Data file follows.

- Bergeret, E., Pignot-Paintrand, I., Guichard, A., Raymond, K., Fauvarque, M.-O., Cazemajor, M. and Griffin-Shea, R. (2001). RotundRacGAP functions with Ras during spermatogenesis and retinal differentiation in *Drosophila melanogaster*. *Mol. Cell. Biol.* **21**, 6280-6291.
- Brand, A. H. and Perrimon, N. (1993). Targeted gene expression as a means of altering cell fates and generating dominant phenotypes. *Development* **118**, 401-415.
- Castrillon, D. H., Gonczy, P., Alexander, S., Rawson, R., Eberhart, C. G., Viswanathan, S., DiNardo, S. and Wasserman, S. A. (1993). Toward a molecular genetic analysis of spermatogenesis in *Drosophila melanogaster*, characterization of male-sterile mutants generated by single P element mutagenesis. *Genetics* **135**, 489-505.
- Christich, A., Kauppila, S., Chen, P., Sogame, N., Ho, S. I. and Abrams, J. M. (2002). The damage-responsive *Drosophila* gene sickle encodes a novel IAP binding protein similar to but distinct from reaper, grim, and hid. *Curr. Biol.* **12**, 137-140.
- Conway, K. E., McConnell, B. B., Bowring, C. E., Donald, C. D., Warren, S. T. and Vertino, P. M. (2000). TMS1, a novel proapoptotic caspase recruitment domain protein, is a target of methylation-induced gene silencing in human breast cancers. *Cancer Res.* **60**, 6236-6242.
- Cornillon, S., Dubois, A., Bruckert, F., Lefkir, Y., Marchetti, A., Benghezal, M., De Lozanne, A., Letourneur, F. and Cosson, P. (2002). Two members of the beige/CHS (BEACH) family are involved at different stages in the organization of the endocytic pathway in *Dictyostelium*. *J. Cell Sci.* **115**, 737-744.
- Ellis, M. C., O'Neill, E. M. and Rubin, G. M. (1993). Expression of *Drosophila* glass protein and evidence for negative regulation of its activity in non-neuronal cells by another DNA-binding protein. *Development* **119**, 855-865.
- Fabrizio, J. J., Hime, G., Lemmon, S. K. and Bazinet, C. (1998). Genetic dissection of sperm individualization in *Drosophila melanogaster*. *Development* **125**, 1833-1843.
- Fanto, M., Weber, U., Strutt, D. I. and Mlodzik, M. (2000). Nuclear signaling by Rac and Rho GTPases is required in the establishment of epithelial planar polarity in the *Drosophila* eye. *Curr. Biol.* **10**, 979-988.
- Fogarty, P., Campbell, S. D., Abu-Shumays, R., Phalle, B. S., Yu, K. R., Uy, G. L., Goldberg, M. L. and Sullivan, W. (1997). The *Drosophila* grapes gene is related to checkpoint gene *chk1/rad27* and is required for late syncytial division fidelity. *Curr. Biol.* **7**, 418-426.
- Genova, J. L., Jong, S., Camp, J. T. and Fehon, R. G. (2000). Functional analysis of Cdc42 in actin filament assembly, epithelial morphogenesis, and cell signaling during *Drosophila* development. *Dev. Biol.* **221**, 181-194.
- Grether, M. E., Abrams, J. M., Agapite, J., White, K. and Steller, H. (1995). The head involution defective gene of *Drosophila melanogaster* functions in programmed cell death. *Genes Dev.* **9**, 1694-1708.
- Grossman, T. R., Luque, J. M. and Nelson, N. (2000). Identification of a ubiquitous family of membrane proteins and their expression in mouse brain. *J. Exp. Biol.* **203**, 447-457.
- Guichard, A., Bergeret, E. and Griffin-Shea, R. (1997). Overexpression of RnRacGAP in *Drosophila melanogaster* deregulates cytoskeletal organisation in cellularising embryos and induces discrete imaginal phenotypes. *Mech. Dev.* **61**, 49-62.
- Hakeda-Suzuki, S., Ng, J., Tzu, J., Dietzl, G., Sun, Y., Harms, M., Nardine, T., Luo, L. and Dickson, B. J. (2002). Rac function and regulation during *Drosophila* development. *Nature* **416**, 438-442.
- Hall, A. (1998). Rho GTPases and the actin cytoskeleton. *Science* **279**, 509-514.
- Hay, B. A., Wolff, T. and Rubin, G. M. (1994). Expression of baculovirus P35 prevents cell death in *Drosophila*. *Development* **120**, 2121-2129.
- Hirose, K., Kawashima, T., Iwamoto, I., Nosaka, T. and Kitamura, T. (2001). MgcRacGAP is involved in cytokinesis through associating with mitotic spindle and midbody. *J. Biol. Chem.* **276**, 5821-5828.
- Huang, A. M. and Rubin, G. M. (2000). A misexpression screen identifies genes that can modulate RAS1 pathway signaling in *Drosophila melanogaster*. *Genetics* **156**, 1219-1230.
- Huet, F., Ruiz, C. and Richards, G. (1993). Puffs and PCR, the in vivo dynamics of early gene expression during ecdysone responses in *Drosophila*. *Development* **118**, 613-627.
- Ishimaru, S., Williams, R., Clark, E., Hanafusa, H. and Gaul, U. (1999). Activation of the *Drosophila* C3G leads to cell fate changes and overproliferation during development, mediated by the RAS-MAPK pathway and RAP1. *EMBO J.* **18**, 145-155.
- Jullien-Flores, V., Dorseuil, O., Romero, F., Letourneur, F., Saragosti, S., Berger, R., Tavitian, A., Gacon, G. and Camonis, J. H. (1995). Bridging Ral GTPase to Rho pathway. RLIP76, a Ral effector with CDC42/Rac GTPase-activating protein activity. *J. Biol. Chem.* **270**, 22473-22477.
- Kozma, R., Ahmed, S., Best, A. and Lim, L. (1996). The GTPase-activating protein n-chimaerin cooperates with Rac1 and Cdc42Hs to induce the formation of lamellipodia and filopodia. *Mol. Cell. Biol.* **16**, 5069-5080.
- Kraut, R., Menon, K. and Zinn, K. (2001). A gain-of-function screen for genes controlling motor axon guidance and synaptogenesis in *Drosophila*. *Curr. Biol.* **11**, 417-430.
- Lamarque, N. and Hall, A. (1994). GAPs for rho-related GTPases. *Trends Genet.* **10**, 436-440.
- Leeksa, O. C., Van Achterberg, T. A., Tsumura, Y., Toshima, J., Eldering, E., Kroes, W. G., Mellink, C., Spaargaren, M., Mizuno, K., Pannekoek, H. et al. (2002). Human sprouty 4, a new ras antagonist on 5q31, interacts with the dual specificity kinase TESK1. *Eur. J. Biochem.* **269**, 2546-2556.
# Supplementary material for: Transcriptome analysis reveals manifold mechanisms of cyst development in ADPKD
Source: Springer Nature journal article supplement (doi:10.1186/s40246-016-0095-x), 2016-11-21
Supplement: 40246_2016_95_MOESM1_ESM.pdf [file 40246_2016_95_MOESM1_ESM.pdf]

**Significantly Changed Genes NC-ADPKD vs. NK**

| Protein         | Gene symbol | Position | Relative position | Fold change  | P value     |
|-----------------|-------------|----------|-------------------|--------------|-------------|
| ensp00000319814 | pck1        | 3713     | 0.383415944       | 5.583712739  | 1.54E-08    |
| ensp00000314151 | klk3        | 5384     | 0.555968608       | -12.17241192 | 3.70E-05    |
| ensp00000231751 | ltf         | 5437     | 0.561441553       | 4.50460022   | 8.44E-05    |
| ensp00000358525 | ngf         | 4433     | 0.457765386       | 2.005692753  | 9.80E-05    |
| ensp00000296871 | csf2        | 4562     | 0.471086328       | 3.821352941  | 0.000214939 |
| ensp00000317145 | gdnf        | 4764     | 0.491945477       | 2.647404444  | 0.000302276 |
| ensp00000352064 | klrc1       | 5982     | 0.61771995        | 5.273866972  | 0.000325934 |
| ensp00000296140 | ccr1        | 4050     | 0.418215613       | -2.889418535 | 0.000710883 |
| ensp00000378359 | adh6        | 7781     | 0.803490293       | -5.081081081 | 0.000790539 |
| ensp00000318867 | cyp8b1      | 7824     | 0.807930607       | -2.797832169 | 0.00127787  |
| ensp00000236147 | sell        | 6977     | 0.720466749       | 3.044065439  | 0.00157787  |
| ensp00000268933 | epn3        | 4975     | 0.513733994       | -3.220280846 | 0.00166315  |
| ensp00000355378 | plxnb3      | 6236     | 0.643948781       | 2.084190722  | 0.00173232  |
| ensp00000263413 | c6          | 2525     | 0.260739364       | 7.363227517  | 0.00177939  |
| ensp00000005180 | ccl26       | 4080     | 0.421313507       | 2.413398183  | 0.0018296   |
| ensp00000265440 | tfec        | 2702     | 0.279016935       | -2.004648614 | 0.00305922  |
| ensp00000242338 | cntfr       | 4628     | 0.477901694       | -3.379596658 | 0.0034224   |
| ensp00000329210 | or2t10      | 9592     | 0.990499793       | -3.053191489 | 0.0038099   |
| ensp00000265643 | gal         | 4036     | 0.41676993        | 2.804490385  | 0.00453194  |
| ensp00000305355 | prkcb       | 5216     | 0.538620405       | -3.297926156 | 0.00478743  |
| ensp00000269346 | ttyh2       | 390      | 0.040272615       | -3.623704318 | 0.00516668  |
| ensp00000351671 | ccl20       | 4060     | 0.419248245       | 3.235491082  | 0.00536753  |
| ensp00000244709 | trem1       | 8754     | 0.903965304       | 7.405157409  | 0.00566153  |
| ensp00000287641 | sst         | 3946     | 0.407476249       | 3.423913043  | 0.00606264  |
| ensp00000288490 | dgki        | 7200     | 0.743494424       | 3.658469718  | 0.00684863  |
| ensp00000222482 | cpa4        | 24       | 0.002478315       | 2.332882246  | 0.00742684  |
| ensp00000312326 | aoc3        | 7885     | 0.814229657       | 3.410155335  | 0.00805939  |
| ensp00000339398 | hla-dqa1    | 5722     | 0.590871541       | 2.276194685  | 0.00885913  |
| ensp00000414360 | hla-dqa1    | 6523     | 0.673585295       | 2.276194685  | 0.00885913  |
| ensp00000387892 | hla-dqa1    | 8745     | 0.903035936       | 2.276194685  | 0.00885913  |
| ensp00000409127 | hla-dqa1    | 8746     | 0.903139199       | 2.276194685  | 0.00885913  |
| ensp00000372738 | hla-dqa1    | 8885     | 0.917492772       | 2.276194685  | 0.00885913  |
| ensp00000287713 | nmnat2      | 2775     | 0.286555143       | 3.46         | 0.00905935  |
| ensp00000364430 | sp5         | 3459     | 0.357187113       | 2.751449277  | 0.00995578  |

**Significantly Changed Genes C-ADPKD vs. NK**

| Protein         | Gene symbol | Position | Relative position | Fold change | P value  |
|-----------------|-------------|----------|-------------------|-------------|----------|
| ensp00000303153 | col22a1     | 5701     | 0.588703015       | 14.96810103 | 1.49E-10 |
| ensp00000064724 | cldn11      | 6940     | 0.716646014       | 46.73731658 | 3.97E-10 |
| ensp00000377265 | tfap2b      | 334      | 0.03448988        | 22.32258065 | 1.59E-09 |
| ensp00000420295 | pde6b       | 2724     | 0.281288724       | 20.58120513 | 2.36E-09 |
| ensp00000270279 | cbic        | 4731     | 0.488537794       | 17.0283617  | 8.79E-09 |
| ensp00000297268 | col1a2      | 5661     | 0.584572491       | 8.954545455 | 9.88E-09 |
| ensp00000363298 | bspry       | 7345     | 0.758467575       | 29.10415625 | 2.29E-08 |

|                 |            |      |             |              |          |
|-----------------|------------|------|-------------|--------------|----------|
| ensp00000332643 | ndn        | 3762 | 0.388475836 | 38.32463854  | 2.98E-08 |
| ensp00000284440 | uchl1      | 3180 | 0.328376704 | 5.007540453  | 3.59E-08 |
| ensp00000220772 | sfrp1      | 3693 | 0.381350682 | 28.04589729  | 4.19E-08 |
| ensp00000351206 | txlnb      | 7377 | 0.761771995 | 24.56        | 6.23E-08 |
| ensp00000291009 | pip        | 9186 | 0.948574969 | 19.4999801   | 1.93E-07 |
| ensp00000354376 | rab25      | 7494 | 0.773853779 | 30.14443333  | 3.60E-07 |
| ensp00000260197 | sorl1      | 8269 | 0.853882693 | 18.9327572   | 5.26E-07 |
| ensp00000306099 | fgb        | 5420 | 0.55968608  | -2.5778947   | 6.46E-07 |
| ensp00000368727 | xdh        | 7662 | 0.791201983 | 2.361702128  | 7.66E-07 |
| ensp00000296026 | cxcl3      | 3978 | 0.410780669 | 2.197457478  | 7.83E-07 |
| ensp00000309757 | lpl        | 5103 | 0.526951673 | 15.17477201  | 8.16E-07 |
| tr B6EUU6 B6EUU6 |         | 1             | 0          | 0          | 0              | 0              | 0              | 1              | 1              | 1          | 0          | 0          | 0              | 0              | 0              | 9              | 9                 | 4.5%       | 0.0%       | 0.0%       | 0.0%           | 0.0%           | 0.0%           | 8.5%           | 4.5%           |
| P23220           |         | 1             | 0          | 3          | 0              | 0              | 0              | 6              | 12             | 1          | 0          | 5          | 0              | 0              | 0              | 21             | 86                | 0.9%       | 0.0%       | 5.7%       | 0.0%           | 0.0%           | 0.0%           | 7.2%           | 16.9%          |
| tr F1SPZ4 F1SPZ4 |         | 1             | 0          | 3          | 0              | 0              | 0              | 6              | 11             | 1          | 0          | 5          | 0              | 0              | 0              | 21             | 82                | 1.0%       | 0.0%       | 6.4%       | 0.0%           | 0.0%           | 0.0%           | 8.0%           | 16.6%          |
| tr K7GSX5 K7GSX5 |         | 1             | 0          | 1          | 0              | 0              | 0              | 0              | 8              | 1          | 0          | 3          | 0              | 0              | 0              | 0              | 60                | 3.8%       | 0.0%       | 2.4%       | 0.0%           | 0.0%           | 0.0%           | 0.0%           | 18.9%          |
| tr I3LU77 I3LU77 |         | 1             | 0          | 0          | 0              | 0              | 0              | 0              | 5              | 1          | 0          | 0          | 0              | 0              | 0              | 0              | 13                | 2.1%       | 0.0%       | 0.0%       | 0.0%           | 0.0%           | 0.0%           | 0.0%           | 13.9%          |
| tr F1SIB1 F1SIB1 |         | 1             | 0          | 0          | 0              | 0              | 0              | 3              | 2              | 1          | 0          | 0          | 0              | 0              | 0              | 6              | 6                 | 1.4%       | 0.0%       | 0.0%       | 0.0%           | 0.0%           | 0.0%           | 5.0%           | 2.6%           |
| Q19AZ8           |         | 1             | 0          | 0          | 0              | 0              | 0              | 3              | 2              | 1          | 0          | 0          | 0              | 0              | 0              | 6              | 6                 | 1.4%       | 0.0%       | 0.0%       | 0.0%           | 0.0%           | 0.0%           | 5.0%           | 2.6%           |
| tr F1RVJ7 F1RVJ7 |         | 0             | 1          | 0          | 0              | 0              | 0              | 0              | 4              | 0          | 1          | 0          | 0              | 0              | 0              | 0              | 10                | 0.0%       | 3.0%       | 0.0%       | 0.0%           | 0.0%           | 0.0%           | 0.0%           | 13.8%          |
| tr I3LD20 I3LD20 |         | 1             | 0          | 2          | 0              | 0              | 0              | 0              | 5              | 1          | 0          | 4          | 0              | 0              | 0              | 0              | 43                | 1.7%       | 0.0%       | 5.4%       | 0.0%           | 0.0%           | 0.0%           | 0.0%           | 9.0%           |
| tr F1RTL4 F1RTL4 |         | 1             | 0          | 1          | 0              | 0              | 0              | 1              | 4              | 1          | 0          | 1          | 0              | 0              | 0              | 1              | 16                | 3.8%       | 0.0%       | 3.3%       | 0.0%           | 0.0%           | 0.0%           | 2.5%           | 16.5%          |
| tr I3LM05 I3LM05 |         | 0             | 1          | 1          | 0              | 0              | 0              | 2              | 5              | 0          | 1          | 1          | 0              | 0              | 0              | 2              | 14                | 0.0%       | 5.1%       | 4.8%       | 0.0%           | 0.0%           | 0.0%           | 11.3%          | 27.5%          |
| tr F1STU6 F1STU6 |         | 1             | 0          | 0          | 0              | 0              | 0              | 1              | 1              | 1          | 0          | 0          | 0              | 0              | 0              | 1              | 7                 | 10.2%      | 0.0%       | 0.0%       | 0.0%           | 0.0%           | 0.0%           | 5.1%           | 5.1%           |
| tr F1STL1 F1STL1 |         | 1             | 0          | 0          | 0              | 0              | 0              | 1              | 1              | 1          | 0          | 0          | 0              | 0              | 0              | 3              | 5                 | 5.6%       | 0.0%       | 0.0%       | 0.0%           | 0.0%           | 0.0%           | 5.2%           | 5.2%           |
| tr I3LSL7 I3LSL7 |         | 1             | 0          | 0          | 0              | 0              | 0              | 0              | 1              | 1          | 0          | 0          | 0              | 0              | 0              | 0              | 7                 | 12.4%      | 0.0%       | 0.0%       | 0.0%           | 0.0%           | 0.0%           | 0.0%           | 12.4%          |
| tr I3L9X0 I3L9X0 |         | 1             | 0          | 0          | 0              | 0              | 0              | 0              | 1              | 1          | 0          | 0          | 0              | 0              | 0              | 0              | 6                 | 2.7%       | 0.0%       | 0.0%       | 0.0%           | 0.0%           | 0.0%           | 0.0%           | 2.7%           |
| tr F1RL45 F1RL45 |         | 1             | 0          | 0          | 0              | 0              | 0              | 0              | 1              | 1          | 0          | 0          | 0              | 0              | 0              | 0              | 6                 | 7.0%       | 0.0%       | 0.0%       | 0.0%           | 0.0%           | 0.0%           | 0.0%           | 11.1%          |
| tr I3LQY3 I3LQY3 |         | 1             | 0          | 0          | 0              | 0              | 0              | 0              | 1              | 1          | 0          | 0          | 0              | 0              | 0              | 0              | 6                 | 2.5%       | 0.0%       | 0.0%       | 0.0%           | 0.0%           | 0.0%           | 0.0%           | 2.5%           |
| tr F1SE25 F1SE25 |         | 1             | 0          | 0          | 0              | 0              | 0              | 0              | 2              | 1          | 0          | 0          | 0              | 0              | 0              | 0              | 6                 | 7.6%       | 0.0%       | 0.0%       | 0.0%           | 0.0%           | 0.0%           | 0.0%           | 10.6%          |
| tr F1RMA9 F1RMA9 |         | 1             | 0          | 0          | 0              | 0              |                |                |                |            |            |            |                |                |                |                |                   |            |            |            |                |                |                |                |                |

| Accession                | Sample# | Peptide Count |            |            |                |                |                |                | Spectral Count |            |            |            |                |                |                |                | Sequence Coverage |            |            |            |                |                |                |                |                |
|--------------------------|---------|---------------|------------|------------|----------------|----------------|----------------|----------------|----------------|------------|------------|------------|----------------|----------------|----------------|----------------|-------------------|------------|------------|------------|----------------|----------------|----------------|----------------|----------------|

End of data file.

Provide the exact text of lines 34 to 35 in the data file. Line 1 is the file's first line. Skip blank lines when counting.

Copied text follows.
| ensp00000314151 | klk3        | 5384     | 0.555968608       | -12.17241192 | 3.70E-05    |
| ensp00000231751 | ltf         | 5437     | 0.561441553       | 4.50460022   | 8.44E-05    |